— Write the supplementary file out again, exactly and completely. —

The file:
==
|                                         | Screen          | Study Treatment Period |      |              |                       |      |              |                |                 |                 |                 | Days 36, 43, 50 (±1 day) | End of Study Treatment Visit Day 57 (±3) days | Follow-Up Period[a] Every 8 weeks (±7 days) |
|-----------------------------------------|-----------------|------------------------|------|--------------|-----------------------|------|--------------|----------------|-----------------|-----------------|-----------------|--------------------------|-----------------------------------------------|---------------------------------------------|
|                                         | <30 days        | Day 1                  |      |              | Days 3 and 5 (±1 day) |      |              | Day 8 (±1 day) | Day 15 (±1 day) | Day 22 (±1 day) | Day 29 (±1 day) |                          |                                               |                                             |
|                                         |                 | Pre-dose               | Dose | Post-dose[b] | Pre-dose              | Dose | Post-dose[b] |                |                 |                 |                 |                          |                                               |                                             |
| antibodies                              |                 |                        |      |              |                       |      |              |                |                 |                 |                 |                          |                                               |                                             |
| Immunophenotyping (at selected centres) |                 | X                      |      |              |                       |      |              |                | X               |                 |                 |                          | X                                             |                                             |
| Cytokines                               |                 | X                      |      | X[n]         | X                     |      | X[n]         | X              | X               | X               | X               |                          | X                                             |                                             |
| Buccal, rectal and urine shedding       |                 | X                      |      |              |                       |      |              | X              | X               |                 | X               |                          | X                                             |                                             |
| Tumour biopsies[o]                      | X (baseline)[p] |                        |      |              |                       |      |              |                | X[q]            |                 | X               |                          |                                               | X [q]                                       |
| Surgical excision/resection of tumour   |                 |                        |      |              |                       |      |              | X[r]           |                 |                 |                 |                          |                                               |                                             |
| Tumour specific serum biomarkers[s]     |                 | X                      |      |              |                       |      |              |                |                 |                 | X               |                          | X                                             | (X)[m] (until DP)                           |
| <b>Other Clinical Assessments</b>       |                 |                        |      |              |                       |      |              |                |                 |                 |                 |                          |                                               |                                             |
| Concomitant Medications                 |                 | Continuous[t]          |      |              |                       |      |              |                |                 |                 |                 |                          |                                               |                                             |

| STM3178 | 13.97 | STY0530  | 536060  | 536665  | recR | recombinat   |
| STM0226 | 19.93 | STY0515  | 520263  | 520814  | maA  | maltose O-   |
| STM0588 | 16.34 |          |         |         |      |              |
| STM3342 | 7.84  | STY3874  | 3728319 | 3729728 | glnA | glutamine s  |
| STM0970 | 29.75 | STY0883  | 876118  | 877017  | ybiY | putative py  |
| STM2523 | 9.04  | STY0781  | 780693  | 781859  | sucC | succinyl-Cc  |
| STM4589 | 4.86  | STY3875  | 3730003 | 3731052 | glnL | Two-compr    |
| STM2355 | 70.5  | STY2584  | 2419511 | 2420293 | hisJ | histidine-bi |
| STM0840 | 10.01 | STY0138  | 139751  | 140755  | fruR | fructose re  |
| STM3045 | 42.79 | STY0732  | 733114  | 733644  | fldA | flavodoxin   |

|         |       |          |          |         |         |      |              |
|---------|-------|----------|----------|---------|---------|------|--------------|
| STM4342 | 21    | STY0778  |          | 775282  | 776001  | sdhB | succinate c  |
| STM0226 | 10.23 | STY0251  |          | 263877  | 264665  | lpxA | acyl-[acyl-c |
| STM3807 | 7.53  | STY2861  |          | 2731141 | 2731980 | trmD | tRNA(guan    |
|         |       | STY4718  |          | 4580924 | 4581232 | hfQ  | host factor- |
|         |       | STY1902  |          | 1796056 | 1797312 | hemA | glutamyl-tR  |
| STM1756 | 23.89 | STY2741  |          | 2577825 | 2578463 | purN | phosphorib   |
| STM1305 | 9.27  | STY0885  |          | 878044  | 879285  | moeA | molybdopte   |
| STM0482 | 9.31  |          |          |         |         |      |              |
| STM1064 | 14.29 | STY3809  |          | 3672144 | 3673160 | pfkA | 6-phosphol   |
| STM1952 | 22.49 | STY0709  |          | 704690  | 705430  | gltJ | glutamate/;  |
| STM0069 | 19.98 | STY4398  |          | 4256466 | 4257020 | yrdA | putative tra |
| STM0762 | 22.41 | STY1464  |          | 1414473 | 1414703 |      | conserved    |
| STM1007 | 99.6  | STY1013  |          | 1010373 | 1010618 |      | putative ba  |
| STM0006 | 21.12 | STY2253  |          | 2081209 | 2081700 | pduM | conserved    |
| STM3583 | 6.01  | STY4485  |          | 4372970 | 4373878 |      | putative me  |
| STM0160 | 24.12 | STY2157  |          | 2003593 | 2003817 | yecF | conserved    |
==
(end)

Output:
|                                         | Screen          | Study Treatment Period |      |              |                       |      |              |                |                 |                 |                 | Days 36, 43, 50 (±1 day) | End of Study Treatment Visit Day 57 (±3) days | Follow-Up Period[a] Every 8 weeks (±7 days) |
|-----------------------------------------|-----------------|------------------------|------|--------------|-----------------------|------|--------------|----------------|-----------------|-----------------|-----------------|--------------------------|-----------------------------------------------|---------------------------------------------|
|                                         | <30 days        | Day 1                  |      |              | Days 3 and 5 (±1 day) |      |              | Day 8 (±1 day) | Day 15 (±1 day) | Day 22 (±1 day) | Day 29 (±1 day) |                          |                                               |                                             |
|                                         |                 | Pre-dose               | Dose | Post-dose[b] | Pre-dose              | Dose | Post-dose[b] |                |                 |                 |                 |                          |                                               |                                             |
| antibodies                              |                 |                        |      |              |                       |      |              |                |                 |                 |                 |                          |                                               |                                             |
| Immunophenotyping (at selected centres) |                 | X                      |      |              |                       |      |              |                | X               |                 |                 |                          | X                                             |                                             |
| Cytokines                               |                 | X                      |      | X[n]         | X                     |      | X[n]         | X              | X               | X               | X               |                          | X                                             |                                             |
| Buccal, rectal and urine shedding       |                 | X                      |      |              |                       |      |              | X              | X               |                 | X               |                          | X                                             |                                             |
| Tumour biopsies[o]                      | X (baseline)[p] |                        |      |              |                       |      |              |                | X[q]            |                 | X               |                          |                                               | X [q]                                       |
| Surgical excision/resection of tumour   |                 |                        |      |              |                       |      |              | X[r]           |                 |                 |                 |                          |                                               |                                             |
| Tumour specific serum biomarkers[s]     |                 | X                      |      |              |                       |      |              |                |                 |                 | X               |                          | X                                             | (X)[m] (until DP)                           |
| <b>Other Clinical Assessments</b>       |                 |                        |      |              |                       |      |              |                |                 |                 |                 |                          |                                               |                                             |
| Concomitant Medications                 |                 | Continuous[t]          |      |              |                       |      |              |                |                 |                 |                 |                          |                                               |                                             |

| STM3178 | 13.97 | STY0530  | 536060  | 536665  | recR | recombinat   |
| STM0226 | 19.93 | STY0515  | 520263  | 520814  | maA  | maltose O-   |
| STM0588 | 16.34 |          |         |         |      |              |
| STM3342 | 7.84  | STY3874  | 3728319 | 3729728 | glnA | glutamine s  |
| STM0970 | 29.75 | STY0883  | 876118  | 877017  | ybiY | putative py  |
| STM2523 | 9.04  | STY0781  | 780693  | 781859  | sucC | succinyl-Cc  |
| STM4589 | 4.86  | STY3875  | 3730003 | 3731052 | glnL | Two-compr    |
| STM2355 | 70.5  | STY2584  | 2419511 | 2420293 | hisJ | histidine-bi |
| STM0840 | 10.01 | STY0138  | 139751  | 140755  | fruR | fructose re  |
| STM3045 | 42.79 | STY0732  | 733114  | 733644  | fldA | flavodoxin   |

|         |       |          |          |         |         |      |              |
|---------|-------|----------|----------|---------|---------|------|--------------|
| STM4342 | 21    | STY0778  |          | 775282  | 776001  | sdhB | succinate c  |
| STM0226 | 10.23 | STY0251  |          | 263877  | 264665  | lpxA | acyl-[acyl-c |
| STM3807 | 7.53  | STY2861  |          | 2731141 | 2731980 | trmD | tRNA(guan    |
|         |       | STY4718  |          | 4580924 | 4581232 | hfQ  | host factor- |
|         |       | STY1902  |          | 1796056 | 1797312 | hemA | glutamyl-tR  |
| STM1756 | 23.89 | STY2741  |          | 2577825 | 2578463 | purN | phosphorib   |
| STM1305 | 9.27  | STY0885  |          | 878044  | 879285  | moeA | molybdopte   |
| STM0482 | 9.31  |          |          |         |         |      |              |
| STM1064 | 14.29 | STY3809  |          | 3672144 | 3673160 | pfkA | 6-phosphol   |
| STM1952 | 22.49 | STY0709  |          | 704690  | 705430  | gltJ | glutamate/;  |
| STM0069 | 19.98 | STY4398  |          | 4256466 | 4257020 | yrdA | putative tra |
| STM0762 | 22.41 | STY1464  |          | 1414473 | 1414703 |      | conserved    |
| STM1007 | 99.6  | STY1013  |          | 1010373 | 1010618 |      | putative ba  |
| STM0006 | 21.12 | STY2253  |          | 2081209 | 2081700 | pduM | conserved    |
| STM3583 | 6.01  | STY4485  |          | 4372970 | 4373878 |      | putative me  |
| STM0160 | 24.12 | STY2157  |          | 2003593 | 2003817 | yecF | conserved    |